Thinking objectively can get you places. Sometimes there’s no right or wrong answers. Just circumstances. Building a factory can churn out useful products and create new jobs. At the same time, said factory can hurt a local business, or pollute the environment. When timing and location are considered, the choice to erect a factory can be regarded both right and wrong.
But not doing anything never did anyone any good. Also, you can’t please everyone. So you do what you have to do. In the words of Henry van Dyke…
“Use what talents you possess, the woods will be very silent if no birds sang there except those that sang best.”
Some people lack aptitude, while others have too much of it. But according to van Dyke, anyone can exploit what they do best and expect positive results. If you think you can do something and want to, you should go ahead and try it. Don’t let others dictate what you can and cannot do, and be vocal. If what you’re doing feels right, it probably is.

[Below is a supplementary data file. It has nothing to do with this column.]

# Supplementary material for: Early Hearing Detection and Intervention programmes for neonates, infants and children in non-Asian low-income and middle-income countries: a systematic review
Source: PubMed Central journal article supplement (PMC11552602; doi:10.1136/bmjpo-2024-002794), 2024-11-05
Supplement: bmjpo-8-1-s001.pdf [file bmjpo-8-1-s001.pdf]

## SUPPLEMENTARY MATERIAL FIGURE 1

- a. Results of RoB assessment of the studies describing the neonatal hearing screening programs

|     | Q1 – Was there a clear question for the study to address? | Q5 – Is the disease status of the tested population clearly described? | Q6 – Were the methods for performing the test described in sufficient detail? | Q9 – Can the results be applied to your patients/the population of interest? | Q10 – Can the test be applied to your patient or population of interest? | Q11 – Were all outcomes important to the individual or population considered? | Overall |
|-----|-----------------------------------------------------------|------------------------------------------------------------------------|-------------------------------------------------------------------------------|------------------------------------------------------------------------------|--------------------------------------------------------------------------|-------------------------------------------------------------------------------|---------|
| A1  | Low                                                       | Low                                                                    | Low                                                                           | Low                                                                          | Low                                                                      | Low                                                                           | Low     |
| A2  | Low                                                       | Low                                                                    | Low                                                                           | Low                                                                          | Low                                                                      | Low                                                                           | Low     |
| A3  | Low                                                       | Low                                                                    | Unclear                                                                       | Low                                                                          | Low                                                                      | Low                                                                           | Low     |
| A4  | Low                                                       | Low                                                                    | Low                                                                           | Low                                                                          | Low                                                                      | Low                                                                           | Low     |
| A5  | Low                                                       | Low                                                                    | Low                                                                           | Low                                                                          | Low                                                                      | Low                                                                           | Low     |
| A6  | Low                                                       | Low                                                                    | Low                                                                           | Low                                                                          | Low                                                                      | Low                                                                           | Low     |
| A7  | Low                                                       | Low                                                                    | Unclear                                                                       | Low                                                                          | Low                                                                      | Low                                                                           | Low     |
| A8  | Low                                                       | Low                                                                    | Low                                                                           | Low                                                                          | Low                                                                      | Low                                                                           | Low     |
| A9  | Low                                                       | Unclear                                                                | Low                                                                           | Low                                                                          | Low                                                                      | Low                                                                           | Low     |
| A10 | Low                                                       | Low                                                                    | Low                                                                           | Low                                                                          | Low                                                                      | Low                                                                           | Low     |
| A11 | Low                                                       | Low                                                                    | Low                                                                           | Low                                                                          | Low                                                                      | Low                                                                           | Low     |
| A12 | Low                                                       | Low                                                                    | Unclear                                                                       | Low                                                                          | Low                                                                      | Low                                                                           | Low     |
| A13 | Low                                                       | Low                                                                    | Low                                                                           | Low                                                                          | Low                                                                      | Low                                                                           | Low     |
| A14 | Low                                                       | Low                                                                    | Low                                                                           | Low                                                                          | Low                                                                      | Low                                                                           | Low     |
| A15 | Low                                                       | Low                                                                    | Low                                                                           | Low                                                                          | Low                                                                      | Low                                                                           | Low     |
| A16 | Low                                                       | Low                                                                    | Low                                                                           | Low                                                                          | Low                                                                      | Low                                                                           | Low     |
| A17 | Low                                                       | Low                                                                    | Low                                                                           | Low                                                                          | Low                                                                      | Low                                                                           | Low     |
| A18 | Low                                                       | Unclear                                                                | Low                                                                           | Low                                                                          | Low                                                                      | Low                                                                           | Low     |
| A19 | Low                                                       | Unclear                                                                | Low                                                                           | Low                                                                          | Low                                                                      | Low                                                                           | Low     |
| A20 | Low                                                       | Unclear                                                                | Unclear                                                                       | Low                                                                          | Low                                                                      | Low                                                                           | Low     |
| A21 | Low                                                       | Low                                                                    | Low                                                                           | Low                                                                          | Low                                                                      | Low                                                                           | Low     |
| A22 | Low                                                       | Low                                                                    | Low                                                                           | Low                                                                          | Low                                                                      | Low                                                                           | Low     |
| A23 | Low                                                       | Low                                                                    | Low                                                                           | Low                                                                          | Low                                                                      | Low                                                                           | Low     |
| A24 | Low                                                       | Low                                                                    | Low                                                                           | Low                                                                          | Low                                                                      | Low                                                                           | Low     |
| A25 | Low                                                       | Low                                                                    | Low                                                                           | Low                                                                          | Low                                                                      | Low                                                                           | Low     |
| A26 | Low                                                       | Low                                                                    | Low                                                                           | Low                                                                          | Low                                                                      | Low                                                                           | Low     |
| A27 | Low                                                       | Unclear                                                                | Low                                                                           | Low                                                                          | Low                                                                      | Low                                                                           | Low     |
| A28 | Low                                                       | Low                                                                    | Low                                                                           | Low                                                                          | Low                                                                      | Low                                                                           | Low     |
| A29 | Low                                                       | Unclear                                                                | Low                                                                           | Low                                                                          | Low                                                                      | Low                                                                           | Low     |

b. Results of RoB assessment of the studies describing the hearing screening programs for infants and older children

Henry van Dyke lived between 1852 and 1933. He was an American author, educator, and clergyman. He was a lecturer at the University of Paris and he led the committee that wrote the first Presbyterian printed liturgy. Dr. van Dyke and Woodrow Wilson were classmates in school and remained friends later after closing the books on their alma mater. After becoming President of the United States of America, Wilson appointed his good friend Minister to the Netherlands and Luxembourg in 1913.
During World War I, Holland became a place of refuge for Americans all around Europe. This was a key moment in Dr. van Dyke’s life, as he aptly maintained the rights of Americans in Europe and organized work for their relief, despite lacking experience as an ambassador. After his return to the United States, he was elected to the American Academy of Arts and Letters and received accolades from his peers.